Thursday, 14 April 2016

A different view of aurora.

I have been finding out more about the IC-7300, but propagation conditions continue to infuriate me. This time of year is always frustrating for VHF-types, as meteor showers and sporadic E improve the situation  by the end of April, which makes these few weeks seem unbearable.

I have been so bored I have been receiving pictures from the International Space Station as it passes over.


But the neighbours like them. Shows them what all those awful antennas and masts are for.

There was a small aurora yesterday and today (13-14 April 2016). Nothing worked from here but I thought you might like to see the GB3NGI 2m beacon as seen from here via the auroral curtain.

Usually I have to beam 260 degrees (almost West) to find the beacon, because that is where Northern Ireland is from here, but during an aurora I beam at 30 degrees (just East of North) and the beacon signal, though loud, has no tone and sounds raspy.

Here is an unusual view of the SpecJT graph of the beacon's signals via aurora:-
You can see a wide fuzzy line. Starting from the bottom left, that is a carrier, though as you can see it is very wide. The point at which the signal starts sending an ID in JT65B mode is where it starts stepping around. It then moves over to the upper trace and you can see the data ending and then after some carrier you can see the callsign being sent in morse. For comparison here it is direct and not via the aurora:-
You can see the carrier clearly now, and even the morse. The JT65 can be clearly made out. You can see the signal strength marked by the green line and it is spiralling about due to tropospheric variations and aircraft scatter.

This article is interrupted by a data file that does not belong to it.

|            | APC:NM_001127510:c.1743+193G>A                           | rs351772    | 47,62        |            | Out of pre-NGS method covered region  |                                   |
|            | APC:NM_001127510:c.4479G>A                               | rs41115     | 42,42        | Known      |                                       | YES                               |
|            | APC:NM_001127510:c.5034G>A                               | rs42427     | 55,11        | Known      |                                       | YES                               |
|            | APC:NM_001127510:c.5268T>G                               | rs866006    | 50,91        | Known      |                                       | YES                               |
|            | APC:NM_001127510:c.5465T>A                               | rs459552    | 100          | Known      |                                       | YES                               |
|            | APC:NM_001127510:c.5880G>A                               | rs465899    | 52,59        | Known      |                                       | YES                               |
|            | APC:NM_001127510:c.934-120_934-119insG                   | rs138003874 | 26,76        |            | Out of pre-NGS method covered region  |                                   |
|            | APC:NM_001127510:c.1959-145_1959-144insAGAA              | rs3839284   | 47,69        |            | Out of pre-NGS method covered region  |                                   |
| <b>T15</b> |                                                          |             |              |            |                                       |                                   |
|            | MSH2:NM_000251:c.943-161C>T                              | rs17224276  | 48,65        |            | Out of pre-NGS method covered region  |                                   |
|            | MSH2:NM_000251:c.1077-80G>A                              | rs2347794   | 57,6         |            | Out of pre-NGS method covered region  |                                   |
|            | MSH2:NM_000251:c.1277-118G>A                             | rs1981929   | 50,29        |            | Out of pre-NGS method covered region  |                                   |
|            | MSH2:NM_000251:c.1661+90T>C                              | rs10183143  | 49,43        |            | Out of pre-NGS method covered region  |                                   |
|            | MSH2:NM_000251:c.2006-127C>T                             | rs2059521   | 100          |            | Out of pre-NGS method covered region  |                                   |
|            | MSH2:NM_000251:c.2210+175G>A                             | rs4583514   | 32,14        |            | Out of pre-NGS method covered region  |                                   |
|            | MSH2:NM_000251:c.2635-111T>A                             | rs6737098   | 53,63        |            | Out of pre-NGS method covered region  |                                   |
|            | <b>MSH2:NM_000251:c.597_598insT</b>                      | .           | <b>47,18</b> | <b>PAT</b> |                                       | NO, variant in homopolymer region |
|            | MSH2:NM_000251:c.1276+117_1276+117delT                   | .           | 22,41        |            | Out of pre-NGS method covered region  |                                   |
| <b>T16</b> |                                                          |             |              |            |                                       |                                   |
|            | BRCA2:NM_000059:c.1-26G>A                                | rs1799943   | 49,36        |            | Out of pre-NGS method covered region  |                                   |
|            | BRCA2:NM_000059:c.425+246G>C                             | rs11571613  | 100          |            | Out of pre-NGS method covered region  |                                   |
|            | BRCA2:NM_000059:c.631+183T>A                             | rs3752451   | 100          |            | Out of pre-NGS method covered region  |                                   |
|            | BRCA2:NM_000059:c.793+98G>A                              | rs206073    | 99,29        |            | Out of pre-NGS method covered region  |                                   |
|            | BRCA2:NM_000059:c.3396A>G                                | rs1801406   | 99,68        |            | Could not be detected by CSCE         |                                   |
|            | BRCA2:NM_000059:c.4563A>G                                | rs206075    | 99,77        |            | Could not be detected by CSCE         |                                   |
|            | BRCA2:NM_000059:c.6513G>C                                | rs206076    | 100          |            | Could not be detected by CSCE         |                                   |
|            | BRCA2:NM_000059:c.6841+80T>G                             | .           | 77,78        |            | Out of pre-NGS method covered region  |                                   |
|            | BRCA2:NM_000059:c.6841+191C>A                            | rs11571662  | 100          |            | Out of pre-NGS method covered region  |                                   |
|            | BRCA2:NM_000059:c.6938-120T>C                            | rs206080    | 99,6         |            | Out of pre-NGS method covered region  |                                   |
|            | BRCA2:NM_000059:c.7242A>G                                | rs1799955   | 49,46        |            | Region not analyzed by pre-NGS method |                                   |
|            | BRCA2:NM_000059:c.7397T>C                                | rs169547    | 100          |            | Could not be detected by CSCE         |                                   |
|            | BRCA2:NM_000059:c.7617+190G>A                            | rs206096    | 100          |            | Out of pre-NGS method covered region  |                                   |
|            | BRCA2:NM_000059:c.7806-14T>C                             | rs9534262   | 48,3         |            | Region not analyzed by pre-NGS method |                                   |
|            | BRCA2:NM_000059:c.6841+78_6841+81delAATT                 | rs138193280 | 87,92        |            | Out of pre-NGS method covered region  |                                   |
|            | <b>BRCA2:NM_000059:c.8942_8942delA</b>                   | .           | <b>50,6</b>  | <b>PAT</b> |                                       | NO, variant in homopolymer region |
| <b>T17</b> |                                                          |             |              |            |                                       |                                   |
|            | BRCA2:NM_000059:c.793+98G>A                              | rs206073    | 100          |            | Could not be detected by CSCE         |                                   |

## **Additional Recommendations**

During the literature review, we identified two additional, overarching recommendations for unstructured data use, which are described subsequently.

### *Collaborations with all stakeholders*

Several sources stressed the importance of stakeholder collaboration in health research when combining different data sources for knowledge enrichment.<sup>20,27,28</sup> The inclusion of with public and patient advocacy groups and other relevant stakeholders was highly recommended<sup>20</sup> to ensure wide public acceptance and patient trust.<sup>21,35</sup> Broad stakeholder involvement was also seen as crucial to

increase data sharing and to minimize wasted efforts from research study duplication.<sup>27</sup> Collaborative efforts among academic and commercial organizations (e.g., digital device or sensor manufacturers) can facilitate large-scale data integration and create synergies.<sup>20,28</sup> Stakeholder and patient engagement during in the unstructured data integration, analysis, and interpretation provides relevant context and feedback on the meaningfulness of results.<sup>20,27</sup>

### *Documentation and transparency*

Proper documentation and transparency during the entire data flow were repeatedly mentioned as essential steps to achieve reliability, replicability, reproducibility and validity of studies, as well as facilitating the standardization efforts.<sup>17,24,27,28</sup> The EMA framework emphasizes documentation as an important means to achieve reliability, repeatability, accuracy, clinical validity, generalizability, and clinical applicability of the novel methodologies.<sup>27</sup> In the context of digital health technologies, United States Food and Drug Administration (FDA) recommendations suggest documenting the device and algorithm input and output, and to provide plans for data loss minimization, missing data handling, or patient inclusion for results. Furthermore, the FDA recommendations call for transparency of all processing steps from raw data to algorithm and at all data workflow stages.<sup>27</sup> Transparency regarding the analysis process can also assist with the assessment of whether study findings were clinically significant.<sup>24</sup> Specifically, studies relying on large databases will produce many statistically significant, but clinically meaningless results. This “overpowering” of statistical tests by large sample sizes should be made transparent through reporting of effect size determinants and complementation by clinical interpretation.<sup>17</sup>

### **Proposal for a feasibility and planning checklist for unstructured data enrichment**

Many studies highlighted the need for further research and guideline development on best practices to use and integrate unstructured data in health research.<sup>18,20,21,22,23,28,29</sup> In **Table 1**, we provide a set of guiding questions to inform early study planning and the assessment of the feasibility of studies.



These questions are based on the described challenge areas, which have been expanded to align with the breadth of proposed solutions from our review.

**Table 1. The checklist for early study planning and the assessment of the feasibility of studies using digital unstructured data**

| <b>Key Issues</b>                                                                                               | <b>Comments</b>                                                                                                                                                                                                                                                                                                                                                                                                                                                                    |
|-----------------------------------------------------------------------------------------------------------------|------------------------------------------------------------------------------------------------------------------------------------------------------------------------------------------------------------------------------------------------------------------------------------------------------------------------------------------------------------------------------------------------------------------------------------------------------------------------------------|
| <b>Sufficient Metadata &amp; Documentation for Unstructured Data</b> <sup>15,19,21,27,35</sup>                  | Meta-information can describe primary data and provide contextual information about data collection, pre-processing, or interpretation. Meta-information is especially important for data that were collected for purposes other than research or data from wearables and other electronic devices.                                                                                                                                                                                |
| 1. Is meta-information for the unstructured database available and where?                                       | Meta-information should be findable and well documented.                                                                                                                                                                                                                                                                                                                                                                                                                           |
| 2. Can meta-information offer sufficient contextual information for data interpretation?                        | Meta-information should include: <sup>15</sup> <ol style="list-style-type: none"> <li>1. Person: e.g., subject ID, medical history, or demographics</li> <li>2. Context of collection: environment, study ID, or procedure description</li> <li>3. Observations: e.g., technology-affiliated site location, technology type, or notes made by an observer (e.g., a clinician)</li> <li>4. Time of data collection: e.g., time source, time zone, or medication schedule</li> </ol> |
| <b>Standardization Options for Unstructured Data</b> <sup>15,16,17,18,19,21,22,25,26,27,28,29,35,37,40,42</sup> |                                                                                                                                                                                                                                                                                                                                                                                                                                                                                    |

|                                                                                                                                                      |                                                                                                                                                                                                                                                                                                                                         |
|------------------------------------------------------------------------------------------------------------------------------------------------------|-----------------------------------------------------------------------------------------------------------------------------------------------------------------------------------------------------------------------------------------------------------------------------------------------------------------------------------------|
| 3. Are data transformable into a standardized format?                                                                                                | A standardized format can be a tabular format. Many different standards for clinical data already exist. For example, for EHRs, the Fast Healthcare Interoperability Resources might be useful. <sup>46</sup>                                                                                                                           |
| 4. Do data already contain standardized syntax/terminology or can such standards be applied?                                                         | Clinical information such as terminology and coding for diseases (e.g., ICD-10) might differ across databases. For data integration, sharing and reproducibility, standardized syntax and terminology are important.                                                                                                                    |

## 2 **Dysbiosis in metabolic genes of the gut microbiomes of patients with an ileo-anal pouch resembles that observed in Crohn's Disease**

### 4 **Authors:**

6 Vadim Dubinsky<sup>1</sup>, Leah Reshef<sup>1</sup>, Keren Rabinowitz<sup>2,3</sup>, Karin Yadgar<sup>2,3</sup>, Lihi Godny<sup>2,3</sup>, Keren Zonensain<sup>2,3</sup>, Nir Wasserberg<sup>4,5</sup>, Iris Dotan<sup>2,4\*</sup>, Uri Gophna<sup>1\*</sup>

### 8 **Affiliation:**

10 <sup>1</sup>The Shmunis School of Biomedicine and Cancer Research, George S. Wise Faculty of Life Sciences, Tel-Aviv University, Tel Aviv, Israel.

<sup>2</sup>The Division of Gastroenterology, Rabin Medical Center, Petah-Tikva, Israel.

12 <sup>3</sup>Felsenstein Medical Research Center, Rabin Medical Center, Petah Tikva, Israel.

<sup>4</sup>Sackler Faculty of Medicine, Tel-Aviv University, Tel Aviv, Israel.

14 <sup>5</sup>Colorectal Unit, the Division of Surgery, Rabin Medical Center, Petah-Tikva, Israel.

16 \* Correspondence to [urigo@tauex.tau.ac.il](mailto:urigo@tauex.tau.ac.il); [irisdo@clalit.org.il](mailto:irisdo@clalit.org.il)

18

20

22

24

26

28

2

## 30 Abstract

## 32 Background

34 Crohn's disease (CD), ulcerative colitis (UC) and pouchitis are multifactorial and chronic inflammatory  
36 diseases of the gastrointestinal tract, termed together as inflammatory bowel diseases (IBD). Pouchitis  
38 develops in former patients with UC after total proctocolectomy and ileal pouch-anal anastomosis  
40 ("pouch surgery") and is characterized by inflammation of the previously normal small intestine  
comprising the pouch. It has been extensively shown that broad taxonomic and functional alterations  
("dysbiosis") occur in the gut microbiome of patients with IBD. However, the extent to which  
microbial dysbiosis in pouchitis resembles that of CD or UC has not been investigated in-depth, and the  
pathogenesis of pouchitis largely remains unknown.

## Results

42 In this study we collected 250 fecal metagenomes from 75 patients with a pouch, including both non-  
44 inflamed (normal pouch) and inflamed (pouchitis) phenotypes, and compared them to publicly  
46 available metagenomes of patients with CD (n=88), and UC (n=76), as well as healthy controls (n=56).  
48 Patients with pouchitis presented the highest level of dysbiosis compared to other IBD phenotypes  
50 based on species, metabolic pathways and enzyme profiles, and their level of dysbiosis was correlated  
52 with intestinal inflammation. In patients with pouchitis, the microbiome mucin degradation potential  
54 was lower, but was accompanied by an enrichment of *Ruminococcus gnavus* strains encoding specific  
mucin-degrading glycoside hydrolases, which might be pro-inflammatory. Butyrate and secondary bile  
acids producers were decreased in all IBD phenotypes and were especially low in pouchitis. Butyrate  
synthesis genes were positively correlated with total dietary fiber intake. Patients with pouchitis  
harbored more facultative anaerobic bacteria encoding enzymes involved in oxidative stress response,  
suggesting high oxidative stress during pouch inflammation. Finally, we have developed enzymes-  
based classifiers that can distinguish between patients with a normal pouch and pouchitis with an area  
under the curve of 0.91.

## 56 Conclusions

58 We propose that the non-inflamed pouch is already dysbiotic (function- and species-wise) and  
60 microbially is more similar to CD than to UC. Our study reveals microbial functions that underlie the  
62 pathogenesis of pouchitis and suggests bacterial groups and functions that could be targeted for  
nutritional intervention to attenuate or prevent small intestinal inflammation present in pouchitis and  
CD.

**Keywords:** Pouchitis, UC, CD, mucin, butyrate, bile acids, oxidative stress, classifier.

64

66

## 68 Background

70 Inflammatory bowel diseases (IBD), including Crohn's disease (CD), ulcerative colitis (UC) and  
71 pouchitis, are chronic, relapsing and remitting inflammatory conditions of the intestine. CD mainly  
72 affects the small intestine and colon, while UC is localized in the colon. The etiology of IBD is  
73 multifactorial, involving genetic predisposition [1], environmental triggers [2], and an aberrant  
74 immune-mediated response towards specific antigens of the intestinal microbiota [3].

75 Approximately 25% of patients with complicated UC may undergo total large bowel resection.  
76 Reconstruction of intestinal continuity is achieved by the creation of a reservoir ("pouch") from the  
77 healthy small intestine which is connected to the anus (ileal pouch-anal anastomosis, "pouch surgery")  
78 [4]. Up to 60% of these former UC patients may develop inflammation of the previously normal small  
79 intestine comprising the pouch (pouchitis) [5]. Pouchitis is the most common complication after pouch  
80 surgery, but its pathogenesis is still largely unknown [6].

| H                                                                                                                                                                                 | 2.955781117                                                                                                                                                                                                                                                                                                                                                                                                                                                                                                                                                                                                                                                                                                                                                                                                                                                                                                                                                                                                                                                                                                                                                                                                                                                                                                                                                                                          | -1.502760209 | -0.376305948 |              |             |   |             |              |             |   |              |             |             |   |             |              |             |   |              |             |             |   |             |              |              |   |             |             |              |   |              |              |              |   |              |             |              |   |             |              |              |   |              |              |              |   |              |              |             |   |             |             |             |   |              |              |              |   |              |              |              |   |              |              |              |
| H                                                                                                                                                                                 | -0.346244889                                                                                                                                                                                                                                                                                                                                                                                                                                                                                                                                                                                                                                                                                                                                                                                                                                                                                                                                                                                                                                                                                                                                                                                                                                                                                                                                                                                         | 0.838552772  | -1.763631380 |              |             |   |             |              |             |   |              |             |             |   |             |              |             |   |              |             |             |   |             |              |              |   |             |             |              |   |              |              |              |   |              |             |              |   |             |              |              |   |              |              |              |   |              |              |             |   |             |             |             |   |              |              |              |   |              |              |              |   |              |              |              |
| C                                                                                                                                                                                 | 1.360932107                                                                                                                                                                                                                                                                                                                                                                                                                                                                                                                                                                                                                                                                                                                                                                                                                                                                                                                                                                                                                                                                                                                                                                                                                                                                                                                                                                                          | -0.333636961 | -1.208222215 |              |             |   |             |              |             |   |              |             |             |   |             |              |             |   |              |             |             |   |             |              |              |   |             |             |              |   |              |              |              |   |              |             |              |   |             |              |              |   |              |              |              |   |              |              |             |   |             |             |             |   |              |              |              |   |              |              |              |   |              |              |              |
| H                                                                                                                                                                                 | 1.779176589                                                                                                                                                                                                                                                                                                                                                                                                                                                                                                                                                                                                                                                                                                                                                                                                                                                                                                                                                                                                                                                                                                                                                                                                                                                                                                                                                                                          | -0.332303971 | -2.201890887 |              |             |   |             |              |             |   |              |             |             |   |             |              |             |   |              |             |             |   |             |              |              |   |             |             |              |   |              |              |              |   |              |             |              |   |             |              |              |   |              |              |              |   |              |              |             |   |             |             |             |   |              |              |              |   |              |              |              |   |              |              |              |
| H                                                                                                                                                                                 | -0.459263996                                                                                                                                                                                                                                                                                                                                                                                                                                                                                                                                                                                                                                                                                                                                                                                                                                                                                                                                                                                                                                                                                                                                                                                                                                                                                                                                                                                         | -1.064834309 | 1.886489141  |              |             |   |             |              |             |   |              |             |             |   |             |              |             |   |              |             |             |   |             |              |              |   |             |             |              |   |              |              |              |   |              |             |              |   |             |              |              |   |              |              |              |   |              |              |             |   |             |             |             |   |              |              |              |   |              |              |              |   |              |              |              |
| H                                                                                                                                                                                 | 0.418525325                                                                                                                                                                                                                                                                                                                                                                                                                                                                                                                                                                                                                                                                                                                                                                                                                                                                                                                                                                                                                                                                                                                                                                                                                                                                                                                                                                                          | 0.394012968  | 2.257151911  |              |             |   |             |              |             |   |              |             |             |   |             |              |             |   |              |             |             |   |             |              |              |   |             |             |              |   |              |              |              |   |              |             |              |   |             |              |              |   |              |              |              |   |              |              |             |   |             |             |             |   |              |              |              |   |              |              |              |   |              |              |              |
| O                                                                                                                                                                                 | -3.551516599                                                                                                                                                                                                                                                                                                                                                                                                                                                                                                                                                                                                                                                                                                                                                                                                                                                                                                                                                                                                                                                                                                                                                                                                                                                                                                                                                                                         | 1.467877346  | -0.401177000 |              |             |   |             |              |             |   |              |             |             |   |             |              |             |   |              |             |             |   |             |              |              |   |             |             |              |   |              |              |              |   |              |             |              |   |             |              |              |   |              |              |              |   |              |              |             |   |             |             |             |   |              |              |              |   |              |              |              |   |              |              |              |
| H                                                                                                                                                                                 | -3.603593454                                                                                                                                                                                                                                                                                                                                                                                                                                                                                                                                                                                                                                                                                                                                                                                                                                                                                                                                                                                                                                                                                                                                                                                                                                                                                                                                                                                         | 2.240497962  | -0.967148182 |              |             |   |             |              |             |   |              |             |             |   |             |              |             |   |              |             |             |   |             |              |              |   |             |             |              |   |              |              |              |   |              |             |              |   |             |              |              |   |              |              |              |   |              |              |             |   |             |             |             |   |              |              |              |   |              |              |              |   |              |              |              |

The wide distorted signals on aurora are very difficult to copy. That is why CW is so good, as the presence or absence of a signal is easier to observe. Despite that, I do make SSB contacts, but data, as you can see, is impossible.

Those images were taken with the FSK mode waterfall, which scrolls left to right. I switched to the JT65 waterfall which goes downwards.

Here are two more images, this time the top one shows the direct path, and the bottom one shows the auroral path. (To keep you on your toes I am swapping them round from the images above). I will not bother showing the decode results on the auroral one, because as you can imagine, there was nothing to decode. The multiple traces on the direct carrier (higher waterfall) are due to aircraft reflections - though the signal decoded perfectly. The wide splodge on aurora waterfall (lower) has no chance of decoding.
Sometimes I wonder why I struggle with aurora, as the signals are sometimes almost impossible to copy. Well, it is a remarkable natural event, and in fact I feel privileged to hear it. I do not really mind when I do not make a contact, just being there to witness it is enough for me.

Believe me, if it looks odd, it sounds WEIRD.



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